I live in a small community, 6,000 people or so. Crime is relatively low. There’s the usual drunk and disorderly and family battery kind of thing. We also have a drug problem, what community doesn’t, right? All in all it’s pretty typical small town stuff without being extreme.
We are not always diligent about locking our doors. Not, that is until last week, when one night while I was at work and my son was sleeping someone, presumably a “kid” waltzed in the back door and snatched our wallets.
It was an odd turn of events. My son rarely leaves his wallet in the living room but yet he did that night. I don’t take mine to work so it was easily accessible. No money was in it and “he” left our credit cards and Id’s in a back yard chair so it was the smallest form of crime that could be ever committed against you; really. And yet, it messed me up.
I was fine while the police were here, chatting about crime in the community and theories of who, how, and why but then when I went back to the police station to give my fingerprints I suddenly became ill; sick to my stomach, cold sweats; ill.
It’s embarrassing really, to have this sort of reaction to the smallest possible crime one could suffer but I cannot help the physiological and psychological reaction my body experienced. We really have no control over that, right? I mean sure, I can suppress and assuage these feelings later but the initial reactions is, what it is.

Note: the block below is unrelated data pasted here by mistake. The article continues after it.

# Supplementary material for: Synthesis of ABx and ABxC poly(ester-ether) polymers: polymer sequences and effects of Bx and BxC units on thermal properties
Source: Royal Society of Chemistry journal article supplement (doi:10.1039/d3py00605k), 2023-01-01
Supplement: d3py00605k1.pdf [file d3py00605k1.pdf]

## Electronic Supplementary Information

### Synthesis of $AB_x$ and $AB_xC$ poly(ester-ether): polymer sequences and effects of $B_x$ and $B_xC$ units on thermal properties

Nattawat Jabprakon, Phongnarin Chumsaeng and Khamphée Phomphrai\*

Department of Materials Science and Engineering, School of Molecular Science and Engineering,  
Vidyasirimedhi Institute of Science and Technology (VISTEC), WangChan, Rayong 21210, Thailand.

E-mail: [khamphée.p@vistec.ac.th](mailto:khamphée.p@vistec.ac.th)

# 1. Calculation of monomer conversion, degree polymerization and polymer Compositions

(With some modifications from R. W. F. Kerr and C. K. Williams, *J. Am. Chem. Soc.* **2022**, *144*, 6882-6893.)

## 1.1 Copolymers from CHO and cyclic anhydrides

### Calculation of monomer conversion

The police officer admonished me to “keep that bolt lock locked”. We had the door knob locked but not pulled tight; so…
“This was most likely a kid” he said. “He probably came from there” and he pointed to the nearest street behind my house. “He was only looking for cash but this was so easy he might be back. Watch out and see if you see anyone acting suspicious or seeming to watch you.”
I spent the next two days almost glued to my house watching every person who passed. I telepathically urged every teenager to glance my way so I could ascertain their guilt by the look in their eye. None of them looked. Most of them were on their cell phones as they walked by texting their friends or talking to their moms.
In light of what has happened in Oklahoma I feel even stupider for letting such a thing bother me. But like I said I cannot change my initial reaction. I am, however, a whole lot more sensitive to victims of more serious crimes than I ever have been before.
I hope this never happens to you.
Or to me again, for that matter!